Analysis of gene expression profile data set

Two publically available gene expression profile data sets, obtained by RNA-seq from breast cancer patient samples, were utilized for analysis in this study: The Cancer Genome Atlas (TCGA) breast cohort [36, 37] (n = 1100) and the Sweden Cancerome Analysis Network-Breast (SCAN-B) cohort [38] (n = 3273). Clinical and Gene expression data were downloaded from cBioportal (https://www.cbioportal.org/) and Gene Expression Omnibus (https://www.ncbi.nlm.nih.gov/geo/), respectively. All mRNA expression values were log2 transformed prior to analysis. Definitions of clinicopathological characteristics are described in their original papers [33, 34]. Subtypes are classified as follows based on receptor status assessed by immunohistochemistry; ER+/HER2− as Luminal, ER+/HER2+ as Luminal HER2, ER−/HER2+ as HER2, ER−/HER2− as TNBC. Cases showing ER−/PgR+ (progesterone receptor-positive) were defined as unknown subtype. Gene set enrichment analysis (GSEA) [39, 40] was performed to compare specified gene sets using GSEA software v3.0 with the number of permutations set at 1000 and permutation type set as phenotype. Expression values of indicated genes or subtype were used as phenotype labels and Pearson's correlation or Signal-2-Noise was set as Metrics for Ranking Genes. Thresholds for nominal p value and FDR q value were set at < 0.05 and < 0.25, respectively. Using the TNBC type online subtyping tool (http://cbc.mc.vanderbilt.edu/tnbc/) [41], IHC defined TNBC samples (SCAN-B; n = 143, TCGA; n = 123) were pre-processed by excluding possible ER-positive samples at the transcriptome level (SCAN-B; n = 15, TNBC; n = 8), then classified according to Lehmann's molecular subtypes [21]. Subtypes other than LAR were defined as non-LAR, followed by various analysis in LAR vs non-LAR.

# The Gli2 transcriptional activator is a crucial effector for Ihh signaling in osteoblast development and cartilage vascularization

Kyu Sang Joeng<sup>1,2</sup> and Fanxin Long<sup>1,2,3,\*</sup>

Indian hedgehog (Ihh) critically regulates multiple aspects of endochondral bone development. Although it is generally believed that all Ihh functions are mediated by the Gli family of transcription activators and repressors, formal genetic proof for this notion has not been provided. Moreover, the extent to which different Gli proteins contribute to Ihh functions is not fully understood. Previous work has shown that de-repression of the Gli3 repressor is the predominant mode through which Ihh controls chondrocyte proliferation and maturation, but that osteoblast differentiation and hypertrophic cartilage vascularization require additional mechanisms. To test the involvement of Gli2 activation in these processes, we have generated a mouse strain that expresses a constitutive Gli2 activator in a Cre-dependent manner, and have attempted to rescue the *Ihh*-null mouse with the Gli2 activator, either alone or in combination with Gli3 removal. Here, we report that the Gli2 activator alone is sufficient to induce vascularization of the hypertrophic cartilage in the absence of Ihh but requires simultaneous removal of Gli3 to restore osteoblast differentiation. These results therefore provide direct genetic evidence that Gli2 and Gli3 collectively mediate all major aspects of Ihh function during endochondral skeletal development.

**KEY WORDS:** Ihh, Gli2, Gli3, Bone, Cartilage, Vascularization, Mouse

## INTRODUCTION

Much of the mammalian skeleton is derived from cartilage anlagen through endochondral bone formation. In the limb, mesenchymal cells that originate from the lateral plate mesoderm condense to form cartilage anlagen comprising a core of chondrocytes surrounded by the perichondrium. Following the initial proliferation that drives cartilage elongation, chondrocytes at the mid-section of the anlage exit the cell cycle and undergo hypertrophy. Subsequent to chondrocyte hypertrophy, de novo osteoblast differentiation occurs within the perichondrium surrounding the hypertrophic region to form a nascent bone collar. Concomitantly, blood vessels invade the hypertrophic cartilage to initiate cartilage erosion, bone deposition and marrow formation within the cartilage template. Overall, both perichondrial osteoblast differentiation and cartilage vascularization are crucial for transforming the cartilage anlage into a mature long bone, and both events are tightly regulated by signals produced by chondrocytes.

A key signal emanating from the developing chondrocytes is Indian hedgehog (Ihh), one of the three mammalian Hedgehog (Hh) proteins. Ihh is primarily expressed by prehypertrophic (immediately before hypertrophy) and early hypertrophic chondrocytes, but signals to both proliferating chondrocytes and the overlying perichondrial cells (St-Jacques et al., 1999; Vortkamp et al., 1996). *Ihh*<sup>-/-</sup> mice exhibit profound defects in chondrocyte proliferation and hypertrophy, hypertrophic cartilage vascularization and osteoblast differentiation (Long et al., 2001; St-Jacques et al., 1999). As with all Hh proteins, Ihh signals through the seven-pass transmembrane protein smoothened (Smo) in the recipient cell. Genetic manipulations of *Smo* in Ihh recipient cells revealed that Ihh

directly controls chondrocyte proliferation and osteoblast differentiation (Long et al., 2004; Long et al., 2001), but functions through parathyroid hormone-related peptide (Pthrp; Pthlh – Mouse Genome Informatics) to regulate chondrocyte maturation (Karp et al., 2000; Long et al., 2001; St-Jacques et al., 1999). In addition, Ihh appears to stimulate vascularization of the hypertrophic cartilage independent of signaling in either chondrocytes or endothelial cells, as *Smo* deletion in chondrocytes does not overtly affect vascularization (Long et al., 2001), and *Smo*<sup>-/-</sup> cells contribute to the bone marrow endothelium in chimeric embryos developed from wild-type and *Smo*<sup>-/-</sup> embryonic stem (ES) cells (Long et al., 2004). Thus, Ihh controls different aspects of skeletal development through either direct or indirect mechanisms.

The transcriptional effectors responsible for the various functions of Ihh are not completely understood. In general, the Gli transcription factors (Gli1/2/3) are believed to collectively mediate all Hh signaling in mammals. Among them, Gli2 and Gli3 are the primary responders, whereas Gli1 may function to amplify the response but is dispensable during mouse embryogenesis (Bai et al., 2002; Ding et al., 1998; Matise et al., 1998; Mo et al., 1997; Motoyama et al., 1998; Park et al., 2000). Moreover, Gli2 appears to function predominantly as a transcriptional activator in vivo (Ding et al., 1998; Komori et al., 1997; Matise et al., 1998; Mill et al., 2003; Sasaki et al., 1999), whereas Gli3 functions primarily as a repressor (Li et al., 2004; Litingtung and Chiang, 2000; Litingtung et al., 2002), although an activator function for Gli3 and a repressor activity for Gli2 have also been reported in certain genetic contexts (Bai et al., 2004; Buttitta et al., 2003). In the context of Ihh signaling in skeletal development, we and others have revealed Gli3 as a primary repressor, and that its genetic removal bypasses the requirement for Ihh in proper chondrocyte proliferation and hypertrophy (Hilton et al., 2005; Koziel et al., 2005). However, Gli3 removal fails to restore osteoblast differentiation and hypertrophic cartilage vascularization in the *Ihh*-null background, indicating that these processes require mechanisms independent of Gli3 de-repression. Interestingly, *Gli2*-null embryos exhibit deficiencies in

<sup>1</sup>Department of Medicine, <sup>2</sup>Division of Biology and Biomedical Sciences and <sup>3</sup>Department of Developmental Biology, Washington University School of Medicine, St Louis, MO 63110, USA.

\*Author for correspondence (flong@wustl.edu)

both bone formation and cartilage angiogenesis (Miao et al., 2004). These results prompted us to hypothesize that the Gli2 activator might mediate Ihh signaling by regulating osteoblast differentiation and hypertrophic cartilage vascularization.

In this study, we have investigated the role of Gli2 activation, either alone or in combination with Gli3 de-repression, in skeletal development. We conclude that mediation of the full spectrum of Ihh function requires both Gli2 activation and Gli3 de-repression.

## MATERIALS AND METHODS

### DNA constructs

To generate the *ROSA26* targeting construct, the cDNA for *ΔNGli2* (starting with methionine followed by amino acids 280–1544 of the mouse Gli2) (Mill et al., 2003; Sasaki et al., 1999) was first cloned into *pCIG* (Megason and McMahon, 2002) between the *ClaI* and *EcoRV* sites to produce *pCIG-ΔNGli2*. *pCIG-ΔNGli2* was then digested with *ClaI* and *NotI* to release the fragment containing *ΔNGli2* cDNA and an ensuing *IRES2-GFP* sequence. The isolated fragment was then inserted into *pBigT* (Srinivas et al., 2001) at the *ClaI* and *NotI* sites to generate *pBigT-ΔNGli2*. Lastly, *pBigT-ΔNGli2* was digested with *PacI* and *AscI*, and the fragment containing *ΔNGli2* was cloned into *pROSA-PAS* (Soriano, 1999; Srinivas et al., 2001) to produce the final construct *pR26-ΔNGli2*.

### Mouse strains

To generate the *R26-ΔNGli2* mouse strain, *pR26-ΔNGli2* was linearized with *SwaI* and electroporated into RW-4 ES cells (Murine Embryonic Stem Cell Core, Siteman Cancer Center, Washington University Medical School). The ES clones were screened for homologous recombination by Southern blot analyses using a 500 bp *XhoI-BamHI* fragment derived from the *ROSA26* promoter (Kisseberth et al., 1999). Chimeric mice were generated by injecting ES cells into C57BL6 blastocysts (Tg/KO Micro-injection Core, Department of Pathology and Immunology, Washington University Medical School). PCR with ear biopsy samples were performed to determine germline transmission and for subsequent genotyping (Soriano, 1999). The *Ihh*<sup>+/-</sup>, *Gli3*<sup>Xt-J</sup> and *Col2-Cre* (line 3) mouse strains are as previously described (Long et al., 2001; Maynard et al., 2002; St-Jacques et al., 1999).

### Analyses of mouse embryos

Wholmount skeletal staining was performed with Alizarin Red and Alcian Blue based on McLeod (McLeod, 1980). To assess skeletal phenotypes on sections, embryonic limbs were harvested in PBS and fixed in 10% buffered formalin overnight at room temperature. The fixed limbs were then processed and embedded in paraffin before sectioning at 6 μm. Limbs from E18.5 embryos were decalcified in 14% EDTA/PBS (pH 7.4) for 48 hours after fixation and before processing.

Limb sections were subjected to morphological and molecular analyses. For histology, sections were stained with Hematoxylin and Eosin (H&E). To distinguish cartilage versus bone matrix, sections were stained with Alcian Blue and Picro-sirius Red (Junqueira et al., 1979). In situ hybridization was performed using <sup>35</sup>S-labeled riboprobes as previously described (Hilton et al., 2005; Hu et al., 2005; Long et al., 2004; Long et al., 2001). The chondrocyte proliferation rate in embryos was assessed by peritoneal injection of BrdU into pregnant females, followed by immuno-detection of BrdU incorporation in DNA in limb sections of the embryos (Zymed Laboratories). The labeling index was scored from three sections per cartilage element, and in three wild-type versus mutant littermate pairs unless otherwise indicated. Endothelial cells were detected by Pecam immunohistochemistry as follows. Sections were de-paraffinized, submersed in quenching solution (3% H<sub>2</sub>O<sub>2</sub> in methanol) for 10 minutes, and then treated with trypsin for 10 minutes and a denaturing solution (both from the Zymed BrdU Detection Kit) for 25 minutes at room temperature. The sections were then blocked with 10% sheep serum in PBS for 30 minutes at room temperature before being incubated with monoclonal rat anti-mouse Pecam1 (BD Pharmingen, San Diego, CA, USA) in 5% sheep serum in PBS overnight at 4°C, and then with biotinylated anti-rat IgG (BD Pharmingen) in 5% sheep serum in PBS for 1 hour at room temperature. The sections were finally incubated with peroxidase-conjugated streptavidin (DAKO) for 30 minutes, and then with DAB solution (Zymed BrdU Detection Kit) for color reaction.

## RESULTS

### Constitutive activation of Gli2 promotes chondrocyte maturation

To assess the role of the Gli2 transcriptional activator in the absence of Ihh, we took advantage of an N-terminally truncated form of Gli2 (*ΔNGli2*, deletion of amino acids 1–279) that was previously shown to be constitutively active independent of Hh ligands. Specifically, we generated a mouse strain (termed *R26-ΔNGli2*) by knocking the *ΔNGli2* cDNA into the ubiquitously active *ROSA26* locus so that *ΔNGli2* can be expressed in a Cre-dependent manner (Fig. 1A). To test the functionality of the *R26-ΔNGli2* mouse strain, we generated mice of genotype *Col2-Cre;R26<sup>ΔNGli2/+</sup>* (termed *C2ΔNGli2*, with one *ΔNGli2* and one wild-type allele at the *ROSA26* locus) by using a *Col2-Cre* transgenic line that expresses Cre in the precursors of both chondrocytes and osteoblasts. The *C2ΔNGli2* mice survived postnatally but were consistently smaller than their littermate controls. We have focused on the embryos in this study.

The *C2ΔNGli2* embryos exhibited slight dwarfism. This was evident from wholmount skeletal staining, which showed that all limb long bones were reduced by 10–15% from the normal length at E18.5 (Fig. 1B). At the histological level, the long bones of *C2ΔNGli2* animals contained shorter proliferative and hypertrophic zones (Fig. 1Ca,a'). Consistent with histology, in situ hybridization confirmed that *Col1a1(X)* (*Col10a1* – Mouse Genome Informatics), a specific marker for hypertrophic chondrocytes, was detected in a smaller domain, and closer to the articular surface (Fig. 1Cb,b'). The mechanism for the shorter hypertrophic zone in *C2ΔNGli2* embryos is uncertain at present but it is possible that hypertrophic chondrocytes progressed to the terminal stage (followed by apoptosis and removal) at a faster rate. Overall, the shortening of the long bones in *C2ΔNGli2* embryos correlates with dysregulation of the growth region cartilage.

Statistical analysis

All statistical analyses were performed using the GraphPad Prism ver. 8.2.0 software. For comparison of multiple groups in in-vitro studies including proliferative response to different doses of DHT, statistical significance was tested by one-way ANOVA with Dunnett's multiple comparisons test. For comparison of dose–response curves for cell viability between cell lines, Mixed-effect analysis with Tukey's multiple comparisons test was used. Correlation between protein expression levels and Enza IC50 were analyzed by Spearman’s rank correlation coefficient. Correlation between genes was analyzed by Pearson's correlation coefficient. For comparison of gene expression of two groups, unpaired t- test was used. The TNBC subtype classification performance by candidate gene expression level was evaluated by receiver operating characteristic (ROC) analysis.

Results

DHT-responsive genes encoding secreted proteins in an AR-positive TNBC PDX breast cancer model

As described above, in a previous report [32], we explored AR activity in TNBC PDX model HCI-009 that grows in response to DHT in mice and 163 genes up-regulated by DHT were identified. Among these genes, seven encode secreted proteins (Additional file 10: Table 3, [42]) (Fig. 1a). We focused our study on three genes that were most highly upregulated following DHT treatment, specifically, KLK3, AZGP1 and PIP that encode the secreted proteins prostate specific antigen (PSA), zinc-Alpha-2-glycoprotein (ZAG) and prolactin induced protein (PIP) (Fig. 1b).

Fig. 1
figure1